Published on: 17:14PM Jun 15, 2011
Free trade is having a bad year in the United States. It’s not something we expected. In fact, most of us had ‘high hopes’ when we listened to President Obama and USTR Ambassador Kirk assure us that trade was at the top of the economic agenda in 2011.
I’m disappointed and I’m not alone. We should be growing jobs and the economy by passing free trade agreements already negotiated with Colombia, South Korea and Panama. Instead, the political blame-game has more players than ever and freer trade is not just paralyzed….we’re going backwards.
This bad year may be the right time to use the political ‘stage’ and make the good case for freer trade - again. The primary season offers all candidates the opportunity to state their case for trade and the American economy. What we need is an authoritative voice to get the conversation started.
“In America, any boy may become president,” said Adlai Stevenson. “I suppose it’s just one of the risks he takes.”
Here in Iowa, a bunch of boys--and a girl or two--are running for the Republican presidential nomination. Among the GOP contenders, along with the President, who will be front and center on the political stage, will be Jon Huntsman, the former Governor of Utah.
Huntsman may be one of the candidates who is best equipped to share his experiences and talk about freer trade as an issue that is vital to the U.S. and global economic recovery.
For a number of years, promoting free trade was his full-time occupation. In the first Bush administration, he was a trade official in the Department of Commerce. Later, he became Ambassador to Singapore. In the second Bush administration, he was a Deputy U.S. Trade Representative and involved in the launch of the Doha round of world trade talks.
So this is a guy who knows a few things about global economics and trade diplomacy.
That’s nothing to take for granted in a presidential race. Consider the case of Barack Obama. When he was running for the White House, he was very anti-trade and talked about quitting the North American Free Trade Agreement.
Since becoming president, however, Obama has talked positively about trade. A key part of his economic strategy involves doubling exports by 2015. In his last two State of the Union addresses, Obama has called for congressional approval of free-trade agreements with Colombia, Panama, and South Korea. Recently (and regrettably) he has allowed these promising deals to become bogged down in the budget dispute with Congress, perhaps at least in part because he hasn’t fully abandoned the views he articulated as a candidate.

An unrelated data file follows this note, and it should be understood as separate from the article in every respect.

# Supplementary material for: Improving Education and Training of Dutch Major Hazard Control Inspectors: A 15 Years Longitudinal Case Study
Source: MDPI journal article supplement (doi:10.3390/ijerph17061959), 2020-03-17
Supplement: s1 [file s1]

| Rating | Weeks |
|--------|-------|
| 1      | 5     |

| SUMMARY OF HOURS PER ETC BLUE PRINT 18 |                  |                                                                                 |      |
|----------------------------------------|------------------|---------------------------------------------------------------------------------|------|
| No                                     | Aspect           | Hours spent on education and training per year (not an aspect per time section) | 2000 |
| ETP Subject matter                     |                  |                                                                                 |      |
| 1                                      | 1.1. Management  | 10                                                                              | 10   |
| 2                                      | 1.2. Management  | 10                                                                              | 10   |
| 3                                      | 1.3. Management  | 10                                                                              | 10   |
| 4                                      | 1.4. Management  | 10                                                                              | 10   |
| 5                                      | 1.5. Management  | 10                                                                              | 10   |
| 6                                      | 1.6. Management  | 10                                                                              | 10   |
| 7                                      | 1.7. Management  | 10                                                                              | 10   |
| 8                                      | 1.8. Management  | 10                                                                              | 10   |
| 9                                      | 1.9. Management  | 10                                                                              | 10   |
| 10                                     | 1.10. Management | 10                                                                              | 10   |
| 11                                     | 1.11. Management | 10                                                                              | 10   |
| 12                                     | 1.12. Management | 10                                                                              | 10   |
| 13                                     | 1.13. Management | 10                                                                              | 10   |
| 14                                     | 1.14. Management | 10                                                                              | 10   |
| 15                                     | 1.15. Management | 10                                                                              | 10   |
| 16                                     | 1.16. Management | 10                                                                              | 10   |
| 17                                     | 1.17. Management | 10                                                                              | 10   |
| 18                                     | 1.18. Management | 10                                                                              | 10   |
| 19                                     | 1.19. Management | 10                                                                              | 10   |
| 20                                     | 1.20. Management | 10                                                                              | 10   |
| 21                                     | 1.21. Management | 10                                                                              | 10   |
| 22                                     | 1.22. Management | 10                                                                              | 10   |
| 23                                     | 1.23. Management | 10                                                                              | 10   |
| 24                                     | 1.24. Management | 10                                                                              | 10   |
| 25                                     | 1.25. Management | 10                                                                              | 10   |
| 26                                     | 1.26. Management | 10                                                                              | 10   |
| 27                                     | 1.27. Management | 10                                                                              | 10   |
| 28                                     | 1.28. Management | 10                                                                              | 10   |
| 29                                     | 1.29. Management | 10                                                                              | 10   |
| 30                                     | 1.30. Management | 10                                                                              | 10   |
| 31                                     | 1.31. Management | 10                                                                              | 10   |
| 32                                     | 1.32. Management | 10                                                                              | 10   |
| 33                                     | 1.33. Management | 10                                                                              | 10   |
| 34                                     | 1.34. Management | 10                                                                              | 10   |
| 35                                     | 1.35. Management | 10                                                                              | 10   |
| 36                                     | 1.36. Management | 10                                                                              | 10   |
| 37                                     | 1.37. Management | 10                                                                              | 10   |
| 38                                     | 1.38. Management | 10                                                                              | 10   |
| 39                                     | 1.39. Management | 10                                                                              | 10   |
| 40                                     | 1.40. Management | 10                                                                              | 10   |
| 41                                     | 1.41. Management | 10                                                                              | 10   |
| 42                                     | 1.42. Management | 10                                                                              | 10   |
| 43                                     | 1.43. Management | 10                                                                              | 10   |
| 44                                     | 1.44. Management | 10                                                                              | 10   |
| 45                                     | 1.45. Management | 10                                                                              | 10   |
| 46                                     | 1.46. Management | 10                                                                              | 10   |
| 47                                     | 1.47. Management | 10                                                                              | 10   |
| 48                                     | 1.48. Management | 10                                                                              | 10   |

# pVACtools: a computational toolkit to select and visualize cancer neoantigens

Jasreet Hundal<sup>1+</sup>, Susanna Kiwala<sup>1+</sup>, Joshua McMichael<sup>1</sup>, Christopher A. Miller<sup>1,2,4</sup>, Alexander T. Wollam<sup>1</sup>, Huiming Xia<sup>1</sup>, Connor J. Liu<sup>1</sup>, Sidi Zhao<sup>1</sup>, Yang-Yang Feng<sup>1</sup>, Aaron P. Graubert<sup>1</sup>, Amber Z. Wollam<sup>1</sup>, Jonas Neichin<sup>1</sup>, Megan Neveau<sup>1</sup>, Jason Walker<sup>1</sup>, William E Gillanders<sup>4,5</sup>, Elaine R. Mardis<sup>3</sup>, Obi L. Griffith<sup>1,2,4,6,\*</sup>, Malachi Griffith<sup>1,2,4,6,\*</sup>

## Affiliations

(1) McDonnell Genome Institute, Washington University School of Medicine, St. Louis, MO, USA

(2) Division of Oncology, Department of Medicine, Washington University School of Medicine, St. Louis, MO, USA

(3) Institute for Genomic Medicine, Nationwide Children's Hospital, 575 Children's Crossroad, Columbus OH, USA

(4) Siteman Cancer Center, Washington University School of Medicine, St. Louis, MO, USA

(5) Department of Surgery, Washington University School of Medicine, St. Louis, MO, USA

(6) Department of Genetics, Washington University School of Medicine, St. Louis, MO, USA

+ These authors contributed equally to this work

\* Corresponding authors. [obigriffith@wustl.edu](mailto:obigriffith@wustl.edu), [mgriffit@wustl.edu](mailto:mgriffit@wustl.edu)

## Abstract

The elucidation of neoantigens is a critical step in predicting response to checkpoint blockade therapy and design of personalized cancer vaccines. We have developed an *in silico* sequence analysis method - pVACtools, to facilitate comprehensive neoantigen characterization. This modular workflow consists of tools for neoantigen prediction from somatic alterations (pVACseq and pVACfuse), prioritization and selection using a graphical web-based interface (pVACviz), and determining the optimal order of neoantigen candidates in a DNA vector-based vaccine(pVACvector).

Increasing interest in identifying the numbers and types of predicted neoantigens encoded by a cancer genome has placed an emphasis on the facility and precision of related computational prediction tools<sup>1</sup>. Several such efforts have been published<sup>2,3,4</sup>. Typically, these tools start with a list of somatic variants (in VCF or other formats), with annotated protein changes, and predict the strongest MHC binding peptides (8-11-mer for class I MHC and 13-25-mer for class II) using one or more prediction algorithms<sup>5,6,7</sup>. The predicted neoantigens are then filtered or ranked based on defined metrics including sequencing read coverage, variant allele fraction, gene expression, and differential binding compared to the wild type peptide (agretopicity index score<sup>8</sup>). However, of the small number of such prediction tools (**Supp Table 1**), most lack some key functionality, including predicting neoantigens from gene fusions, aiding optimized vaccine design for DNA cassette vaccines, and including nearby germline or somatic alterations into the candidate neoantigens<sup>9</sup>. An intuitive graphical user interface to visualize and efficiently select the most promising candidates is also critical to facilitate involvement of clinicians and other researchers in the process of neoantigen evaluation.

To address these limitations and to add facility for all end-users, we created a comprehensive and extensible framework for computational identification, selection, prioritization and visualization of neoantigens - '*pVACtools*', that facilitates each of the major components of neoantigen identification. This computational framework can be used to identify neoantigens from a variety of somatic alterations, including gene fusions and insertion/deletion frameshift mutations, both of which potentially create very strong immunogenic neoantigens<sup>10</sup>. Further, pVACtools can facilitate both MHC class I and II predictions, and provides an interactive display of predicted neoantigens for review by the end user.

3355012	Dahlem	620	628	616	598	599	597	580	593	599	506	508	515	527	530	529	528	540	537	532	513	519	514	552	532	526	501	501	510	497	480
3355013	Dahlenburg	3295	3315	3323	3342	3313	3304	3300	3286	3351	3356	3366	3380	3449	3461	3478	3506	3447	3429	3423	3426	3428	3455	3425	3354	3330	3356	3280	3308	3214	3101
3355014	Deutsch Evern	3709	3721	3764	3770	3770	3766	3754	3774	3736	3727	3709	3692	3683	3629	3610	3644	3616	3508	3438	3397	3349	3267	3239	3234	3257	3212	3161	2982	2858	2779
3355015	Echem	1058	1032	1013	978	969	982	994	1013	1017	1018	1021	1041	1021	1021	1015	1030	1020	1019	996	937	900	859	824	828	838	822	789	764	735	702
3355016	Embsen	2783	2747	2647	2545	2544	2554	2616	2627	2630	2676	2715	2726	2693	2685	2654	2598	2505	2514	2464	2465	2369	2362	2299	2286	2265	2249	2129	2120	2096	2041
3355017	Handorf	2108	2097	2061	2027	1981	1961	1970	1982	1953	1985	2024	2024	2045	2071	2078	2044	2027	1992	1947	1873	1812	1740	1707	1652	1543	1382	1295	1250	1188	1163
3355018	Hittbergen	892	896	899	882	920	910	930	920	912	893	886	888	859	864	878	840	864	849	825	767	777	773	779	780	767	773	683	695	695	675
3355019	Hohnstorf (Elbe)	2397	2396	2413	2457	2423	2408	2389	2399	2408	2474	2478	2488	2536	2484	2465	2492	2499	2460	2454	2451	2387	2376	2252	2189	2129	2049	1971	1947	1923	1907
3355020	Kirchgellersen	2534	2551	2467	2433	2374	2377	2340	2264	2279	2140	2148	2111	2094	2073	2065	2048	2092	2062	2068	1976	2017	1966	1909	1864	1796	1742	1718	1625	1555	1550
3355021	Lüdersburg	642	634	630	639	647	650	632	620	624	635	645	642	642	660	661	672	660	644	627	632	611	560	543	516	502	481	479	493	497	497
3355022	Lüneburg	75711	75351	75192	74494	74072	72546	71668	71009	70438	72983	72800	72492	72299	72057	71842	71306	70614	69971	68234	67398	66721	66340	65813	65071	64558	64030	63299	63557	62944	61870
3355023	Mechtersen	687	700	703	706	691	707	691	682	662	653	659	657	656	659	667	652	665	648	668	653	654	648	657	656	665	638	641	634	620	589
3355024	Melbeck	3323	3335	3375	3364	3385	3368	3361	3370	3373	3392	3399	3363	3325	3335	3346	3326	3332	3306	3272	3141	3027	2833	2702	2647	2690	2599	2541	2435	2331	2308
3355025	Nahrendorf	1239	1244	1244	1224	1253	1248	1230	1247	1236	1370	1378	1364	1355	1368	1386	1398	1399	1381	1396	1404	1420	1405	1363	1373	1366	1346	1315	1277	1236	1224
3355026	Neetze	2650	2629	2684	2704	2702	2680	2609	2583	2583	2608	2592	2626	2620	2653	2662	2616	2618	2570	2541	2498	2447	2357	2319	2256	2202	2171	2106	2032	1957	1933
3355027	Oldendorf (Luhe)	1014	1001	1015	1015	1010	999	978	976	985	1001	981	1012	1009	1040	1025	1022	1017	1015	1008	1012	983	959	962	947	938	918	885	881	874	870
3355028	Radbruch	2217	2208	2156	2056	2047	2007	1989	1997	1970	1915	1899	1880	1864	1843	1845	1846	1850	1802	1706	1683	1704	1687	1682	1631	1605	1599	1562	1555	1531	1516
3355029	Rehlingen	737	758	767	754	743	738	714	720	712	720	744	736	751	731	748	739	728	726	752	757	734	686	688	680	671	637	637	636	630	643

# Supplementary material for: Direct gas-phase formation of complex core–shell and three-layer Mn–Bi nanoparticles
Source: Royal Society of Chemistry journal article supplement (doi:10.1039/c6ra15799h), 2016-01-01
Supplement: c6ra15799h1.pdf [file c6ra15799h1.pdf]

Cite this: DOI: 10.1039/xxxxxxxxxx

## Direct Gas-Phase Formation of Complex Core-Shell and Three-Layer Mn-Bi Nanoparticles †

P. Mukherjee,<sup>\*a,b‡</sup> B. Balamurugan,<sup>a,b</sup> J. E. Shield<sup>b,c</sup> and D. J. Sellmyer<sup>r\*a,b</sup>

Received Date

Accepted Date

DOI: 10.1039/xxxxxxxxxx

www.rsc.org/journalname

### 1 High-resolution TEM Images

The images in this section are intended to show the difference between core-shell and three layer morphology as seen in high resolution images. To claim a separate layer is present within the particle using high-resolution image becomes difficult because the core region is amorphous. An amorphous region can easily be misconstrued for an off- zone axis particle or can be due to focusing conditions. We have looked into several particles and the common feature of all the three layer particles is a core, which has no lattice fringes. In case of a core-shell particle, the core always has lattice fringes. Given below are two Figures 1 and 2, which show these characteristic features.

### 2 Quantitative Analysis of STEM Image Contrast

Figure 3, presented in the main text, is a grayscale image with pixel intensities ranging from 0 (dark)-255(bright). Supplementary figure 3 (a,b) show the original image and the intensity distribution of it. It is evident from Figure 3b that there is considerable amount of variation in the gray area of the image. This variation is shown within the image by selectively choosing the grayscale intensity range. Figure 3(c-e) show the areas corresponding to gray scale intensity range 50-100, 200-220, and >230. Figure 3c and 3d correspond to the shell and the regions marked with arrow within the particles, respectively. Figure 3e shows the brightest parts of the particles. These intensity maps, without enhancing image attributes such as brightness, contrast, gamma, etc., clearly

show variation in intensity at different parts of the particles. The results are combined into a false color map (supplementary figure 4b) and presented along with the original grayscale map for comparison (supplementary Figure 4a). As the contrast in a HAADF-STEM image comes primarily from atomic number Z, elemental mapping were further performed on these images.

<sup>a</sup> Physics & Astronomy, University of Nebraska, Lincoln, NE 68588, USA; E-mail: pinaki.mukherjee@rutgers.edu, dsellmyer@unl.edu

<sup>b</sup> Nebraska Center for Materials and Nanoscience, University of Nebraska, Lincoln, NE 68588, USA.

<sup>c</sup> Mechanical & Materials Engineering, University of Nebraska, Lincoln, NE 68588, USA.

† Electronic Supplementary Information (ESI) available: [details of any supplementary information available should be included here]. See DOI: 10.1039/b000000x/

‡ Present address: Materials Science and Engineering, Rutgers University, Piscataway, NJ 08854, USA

As the 2012 campaign lurches forward, Huntsman is in a unique position to elevate the debate about free trade. His background will allow him to discuss the issue with authority and describe how it leads to good jobs for workers and lower prices for consumers. American farmers have a special stake in this conversation because so much of what we produce must be sold in foreign markets.
We need all the candidates, including Huntsman, to challenge the president directly on those three pending trade agreements--and even compel Obama to push them forward. Real action on the free trade agreements will provide a much needed stimulus for the U.S. economy.
Fortunately, Huntsman is not the only Republican candidate who is talking up trade. On June 7, Tim Pawlenty, the former governor of Minnesota, delivered a major address on economics. He called for passage of the trade agreements with Colombia, Panama, and South Korea. He also went on the offense against the White House: “President Obama set a goal of doubling exports. Yet his policies have prevented this. Mine will achieve it.”
On April 12, candidate Mitt Romney called for a global trading body that would be of a ‘higher standard’ than the World Trade Organization, discussing the need to protect intellectual property and stating “...if you want to have real trade with America and our friends around the world, you need to abide by a higher standard.”
The other Republican candidates will need to explain their own trade views. Some may join Pawlenty with specific calls for action. Others may dodge the issue or even embrace the toxic politics of protectionism.
What we’ll have, however, is a richer and healthier campaign in which voters gain an opportunity to know what these would-be presidents really believe.
I don’t yet know who I’ll support in the 2012 presidential election, but I know that he (or she) will have a freer trade philosophy.
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